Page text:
Investing in rebuilding the Whitefish High School is the right move to ensure the future health and growth of our wonderful community.
My decision to vote in support of the proposed bond reminds me of a decision that I made 11 years ago to relocate my business to a new facility. At the time, leaving our historic downtown location was a painful and controversial option. But when I evaluated my options as a business owner, I realized that my only means of growing the business was to invest in a new facility. While it would have been easier to stay with the status quo, I realized that fixing up the old location wouldn’t alleviate its fundamental shortcomings — lack of parking for our inventory and our customers, limited space for our service department and the fact that the old building was simply worn out.
Relocating and building new proved to be the right investment. Our sales went up. Our service business increased. And no less important, our employees felt that we had invested in them so they were willing to invest in us by committing their careers to the business and working hard to provide a quality customer experience.
The situation at our high school is remarkably similar. We have a worn-out building. No amount of lipstick can change the fact that it doesn’t work in today’s environment. It has served Whitefish families well for five decades but our kids today face a much more complex world than we did. They need the right technology and facilities to support their teachers in providing them the skills they need to compete. Many Whitefish families understand this problem and are making the decision to send their kids to Kalispell where they offer a facility that meets today’s needs. We need Whitefish students in Whitefish schools.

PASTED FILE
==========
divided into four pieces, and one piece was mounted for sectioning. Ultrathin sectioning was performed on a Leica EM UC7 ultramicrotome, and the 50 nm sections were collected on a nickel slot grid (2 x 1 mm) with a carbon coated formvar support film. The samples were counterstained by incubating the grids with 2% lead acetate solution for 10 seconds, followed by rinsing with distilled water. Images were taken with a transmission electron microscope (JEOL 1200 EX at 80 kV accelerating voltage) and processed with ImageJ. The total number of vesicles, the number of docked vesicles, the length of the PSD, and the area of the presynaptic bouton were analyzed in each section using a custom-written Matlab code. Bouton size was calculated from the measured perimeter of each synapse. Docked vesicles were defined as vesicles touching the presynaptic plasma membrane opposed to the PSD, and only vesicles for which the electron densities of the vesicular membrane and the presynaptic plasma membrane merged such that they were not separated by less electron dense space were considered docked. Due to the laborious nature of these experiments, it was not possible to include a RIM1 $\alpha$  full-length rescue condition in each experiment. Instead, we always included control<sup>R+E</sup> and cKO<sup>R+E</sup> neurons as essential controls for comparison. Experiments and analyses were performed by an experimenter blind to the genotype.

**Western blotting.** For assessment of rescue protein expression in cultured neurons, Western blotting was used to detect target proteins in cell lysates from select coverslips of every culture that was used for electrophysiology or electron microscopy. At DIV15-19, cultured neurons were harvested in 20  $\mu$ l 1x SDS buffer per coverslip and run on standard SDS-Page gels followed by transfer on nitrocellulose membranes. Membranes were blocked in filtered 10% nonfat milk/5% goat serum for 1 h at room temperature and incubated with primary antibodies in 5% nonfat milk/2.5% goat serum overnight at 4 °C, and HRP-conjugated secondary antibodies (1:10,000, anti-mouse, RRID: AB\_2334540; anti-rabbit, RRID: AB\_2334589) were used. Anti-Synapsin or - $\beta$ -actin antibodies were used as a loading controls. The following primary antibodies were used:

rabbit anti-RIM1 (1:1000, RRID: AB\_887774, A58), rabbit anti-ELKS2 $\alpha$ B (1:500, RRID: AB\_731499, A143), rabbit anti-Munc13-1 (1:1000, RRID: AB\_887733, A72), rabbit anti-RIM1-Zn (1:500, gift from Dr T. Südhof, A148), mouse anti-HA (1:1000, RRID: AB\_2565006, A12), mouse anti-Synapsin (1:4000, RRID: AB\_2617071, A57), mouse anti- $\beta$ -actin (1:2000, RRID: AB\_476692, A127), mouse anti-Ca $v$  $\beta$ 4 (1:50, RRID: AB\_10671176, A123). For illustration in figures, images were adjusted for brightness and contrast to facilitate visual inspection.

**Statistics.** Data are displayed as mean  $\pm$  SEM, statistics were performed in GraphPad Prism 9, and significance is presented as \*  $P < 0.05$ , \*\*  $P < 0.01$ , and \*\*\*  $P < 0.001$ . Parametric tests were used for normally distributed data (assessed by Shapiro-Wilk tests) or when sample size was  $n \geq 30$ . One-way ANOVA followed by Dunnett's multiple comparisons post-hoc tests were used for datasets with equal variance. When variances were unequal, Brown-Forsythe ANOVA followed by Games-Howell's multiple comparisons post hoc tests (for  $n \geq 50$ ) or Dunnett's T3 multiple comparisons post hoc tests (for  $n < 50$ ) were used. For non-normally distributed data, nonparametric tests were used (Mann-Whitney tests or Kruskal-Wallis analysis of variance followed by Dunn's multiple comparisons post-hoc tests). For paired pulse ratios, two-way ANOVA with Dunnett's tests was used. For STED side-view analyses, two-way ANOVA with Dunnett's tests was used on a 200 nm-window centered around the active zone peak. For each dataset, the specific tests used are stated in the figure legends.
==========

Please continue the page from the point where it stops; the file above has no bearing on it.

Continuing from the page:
While we are talking about investing in a facility, I believe it’s really the people; in this case the teachers and students — that make the enterprise successful. But I believe it’s time that the owner of our schools, the people of Whitefish, invest in them for the long-run and prove to them that we are here to stay. Just as my employees did in my business, our teachers and our students will step up their performance and re-invest in our community with their time, energy and intelligence.
This time around, the school district has done a good job of making a business-like assessment of its needs. It’s a practical plan to provide a long-lasting solution. It is true that we could spend half as much to make it look a little better. But that would be a very short-term solution as it would not mitigate the current building’s functional, structural and code deficiencies, making it a waste of time and capital. Instead, the proposed plan for the building strikes the right balance between renovating the parts of the existing building that can be done cost effectively and replacing those that are both too expensive to fix and too difficult to re-work to meet our real needs.
Furthermore, the District has done something never before attempted or accomplished in Montana, it actually sought and secured other money before asking the voters for theirs, offering us the chance to buy a $19 million building for only $14 million.
Just as I realized 11 years ago in my own business, we can’t afford today to live in yesterday. I believe it’s now time to move forward by voting yes to fix our school.
— Don Kaltschmidt